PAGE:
ANYWAY. (Drink!) The whole thing takes forever, and Van Helsing is written with a thick accent that sometimes sounds really stupid, and he tends to ramble. And the research just took forever, and the times in-between the actual events took FOREVER, and it was very boring and forever-taking, and it broke my little heart, because I did not love Dracula as much this time around.
Let’s see, what else can I say in the next forty minutes — HOLY SHIT I BROUGHT MY HEADPHONES HOLD ON BRB — (I’m at my parents’ house, and apparently WBLM turns into all Christmas music, all the time on Christmas Eve, and I’ve made it this far without hearing “Wonderful Christmastime” by that rat bastard Paul McCartney, I’m not ruining my Christmas now – to Pandora!) — anyway, in now 36 minutes, I’ll be sitting down in front of the television for the annual watching of A Christmas Story, and this will be posted before then.
I guess, the other thing I wanted to talk about with regards to Dracula is how much of an idiot I was ten years ago. Why would I have thought writing an accurate stage adaptation of Dracula would be a piece of cake? You know what it would be? BORING AS FUCK. There’d be some atmospheric, horror-type stuff with sexy women and biting and blood in the first act, but then it’s all Lucy being flighty about marrying three different people, then her slowly becoming bedridden and even paler than most late-Victorian women, then Seward sitting around talking to Renfield about Renfield’s weird bug-eating habit, and then eventually Lucy would die and they’d have to kill her, so that’d wake the audience up, but by the time Harker and Mina come back from Bulgaria or wherever, nothing fucking happens until they all go to Transylvania to kill Dracula, and even the killing of Dracula is anticlimactic! The whole third and fourth acts (I clearly imagine me writing it in the style of a Shakespearean tragedy) would take place in Seward’s drawing room while everyone talks about what everyone already knows, and if I were watching it (having had someone else write it), I would be whispering very vociferously from the balcony, wondering when Buffy was going to show up to put everyone out of their misery — but I’d only do that if it was a movie, because while you shouldn’t talk at a movie anyway, you definitely do NOT talk during a live theatre production.
In order to make an interesting adaptation of Dracula, one must introduce some level of craziness. I’ve heard rumors that Francis Ford Coppola insinuated that Mina was the reincarnated version of Count Dracula’s first wife, and somehow, that has weirdly become canon. But Dracula’s motivations are never revealed within Bram Stoker’s novel. He’s just this … thing that swoops into London to eat off of the only two women in the book, which makes it sound like Dracula had some sort of reason for attacking them, but he doesn’t. He’s just hungry, and apparently they were close.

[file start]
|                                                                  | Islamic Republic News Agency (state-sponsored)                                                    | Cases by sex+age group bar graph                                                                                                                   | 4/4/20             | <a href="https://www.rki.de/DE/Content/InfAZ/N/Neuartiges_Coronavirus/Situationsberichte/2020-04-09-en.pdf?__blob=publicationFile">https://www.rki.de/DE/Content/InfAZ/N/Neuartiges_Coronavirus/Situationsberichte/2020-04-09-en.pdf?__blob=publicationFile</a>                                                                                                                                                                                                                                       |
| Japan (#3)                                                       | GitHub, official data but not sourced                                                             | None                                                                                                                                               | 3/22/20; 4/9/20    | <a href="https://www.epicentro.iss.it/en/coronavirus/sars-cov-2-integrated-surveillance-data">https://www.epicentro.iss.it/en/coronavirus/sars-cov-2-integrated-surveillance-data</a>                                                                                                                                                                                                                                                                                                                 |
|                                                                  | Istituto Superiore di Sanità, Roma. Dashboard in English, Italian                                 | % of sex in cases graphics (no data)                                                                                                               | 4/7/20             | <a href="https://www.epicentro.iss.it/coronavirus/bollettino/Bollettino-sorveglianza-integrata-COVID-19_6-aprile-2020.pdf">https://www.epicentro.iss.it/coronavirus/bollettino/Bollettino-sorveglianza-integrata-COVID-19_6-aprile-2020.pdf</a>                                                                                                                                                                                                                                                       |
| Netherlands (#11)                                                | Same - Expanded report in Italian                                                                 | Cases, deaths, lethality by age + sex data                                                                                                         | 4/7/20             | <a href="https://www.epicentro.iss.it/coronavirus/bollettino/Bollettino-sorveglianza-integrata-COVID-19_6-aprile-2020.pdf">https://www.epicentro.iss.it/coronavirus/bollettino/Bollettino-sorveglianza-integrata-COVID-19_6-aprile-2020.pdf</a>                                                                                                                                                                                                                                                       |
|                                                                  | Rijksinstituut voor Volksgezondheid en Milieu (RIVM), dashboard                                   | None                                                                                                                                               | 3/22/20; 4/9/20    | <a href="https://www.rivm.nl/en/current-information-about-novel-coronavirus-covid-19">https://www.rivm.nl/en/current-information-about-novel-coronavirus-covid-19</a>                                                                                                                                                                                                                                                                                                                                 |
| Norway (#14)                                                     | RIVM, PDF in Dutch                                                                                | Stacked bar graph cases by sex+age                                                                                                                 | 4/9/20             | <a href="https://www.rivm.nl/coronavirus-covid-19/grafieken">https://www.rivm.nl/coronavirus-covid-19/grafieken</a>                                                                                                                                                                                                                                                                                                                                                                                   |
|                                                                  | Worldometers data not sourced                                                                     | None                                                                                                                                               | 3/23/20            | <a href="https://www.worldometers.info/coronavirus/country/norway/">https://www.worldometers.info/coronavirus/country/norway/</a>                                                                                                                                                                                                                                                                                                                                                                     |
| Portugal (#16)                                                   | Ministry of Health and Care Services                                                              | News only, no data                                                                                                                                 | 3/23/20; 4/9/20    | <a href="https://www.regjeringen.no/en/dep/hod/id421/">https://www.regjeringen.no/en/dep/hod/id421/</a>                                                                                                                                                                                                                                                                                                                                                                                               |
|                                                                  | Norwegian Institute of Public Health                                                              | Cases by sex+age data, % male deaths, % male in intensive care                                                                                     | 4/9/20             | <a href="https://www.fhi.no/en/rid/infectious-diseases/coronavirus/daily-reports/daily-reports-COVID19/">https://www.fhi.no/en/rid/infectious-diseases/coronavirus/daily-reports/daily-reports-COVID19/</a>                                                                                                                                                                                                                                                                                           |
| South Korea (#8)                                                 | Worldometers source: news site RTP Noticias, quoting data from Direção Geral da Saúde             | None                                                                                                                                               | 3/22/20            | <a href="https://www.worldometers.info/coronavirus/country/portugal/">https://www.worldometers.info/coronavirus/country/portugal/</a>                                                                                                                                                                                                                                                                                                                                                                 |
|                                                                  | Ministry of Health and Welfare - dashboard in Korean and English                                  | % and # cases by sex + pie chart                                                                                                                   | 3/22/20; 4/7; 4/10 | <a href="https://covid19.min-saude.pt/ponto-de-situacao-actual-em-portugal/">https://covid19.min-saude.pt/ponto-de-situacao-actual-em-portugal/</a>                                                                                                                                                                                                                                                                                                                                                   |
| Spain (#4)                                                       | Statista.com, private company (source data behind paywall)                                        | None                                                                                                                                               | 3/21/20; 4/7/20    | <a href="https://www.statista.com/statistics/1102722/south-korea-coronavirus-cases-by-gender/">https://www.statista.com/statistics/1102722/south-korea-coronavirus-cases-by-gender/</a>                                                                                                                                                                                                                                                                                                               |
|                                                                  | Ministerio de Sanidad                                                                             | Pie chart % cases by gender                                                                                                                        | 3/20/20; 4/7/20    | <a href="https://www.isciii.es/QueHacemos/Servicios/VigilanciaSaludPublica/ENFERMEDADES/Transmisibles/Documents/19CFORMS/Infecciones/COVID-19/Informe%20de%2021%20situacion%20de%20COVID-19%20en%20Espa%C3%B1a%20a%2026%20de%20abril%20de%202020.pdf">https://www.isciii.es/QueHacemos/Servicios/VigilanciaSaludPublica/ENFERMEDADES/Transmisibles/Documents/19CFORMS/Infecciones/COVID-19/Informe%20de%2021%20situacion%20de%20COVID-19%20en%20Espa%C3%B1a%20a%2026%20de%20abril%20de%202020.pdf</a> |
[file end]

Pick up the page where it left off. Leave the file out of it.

The reason Dracula’s motivations are never revealed is because Dracula is an epistolary novel – written as if compiled from journal entries, letters, and other forms of first-person narratives. We hear directly from Harker, Mina, and Seward, with some cameos from newspaper articles and other letters. We do not hear from Renfield or Van Helsing at all, except through the words of others. The only time we hear Dracula is when Harker is talking about him. Dracula is a cipher – a symbol on which we can put anything. Fear of death, fear of sex, fear of the foreign; fear of whatever the fuck you want.
And that makes Dracula different from some modern-day villains: because we know so little about him, we’re not looking for the brief glimpse of humanity beneath the villainy; we’re taking his evilness at face value, because that’s all we have. We can’t identify with him, so we rally behind the good guys.
But when the good guys are boring, it’s hard to buy in to the fight.
Anyway. (Drink!) That was Dracula. Someday, I might not write that stage adaptation, but I know there’s more I can talk about the novel. But tonight is Christmas Eve, and I have sixteen minutes to get some pie and sit in front of the TV and begin annoying my relatives with the fact that I know 75% of the words to A Christmas Story.
And I’m sure y’all have traditions that I think are weird, but that’s how we roll in the Patterson Family.
So to all my readers, far and near: thank you for reading, and may you and yours have a safe and merry Christmas, Kwanzaa, Solstice, Festivus, or whatever the hell y’all celebrate. I’ll be back following the upcoming Tweetversation between me and Erica on William Shakespeare’s Star Wars, and I’ve got a couple other books up my sleeve before the 31st.
Happy Holidays, everyone!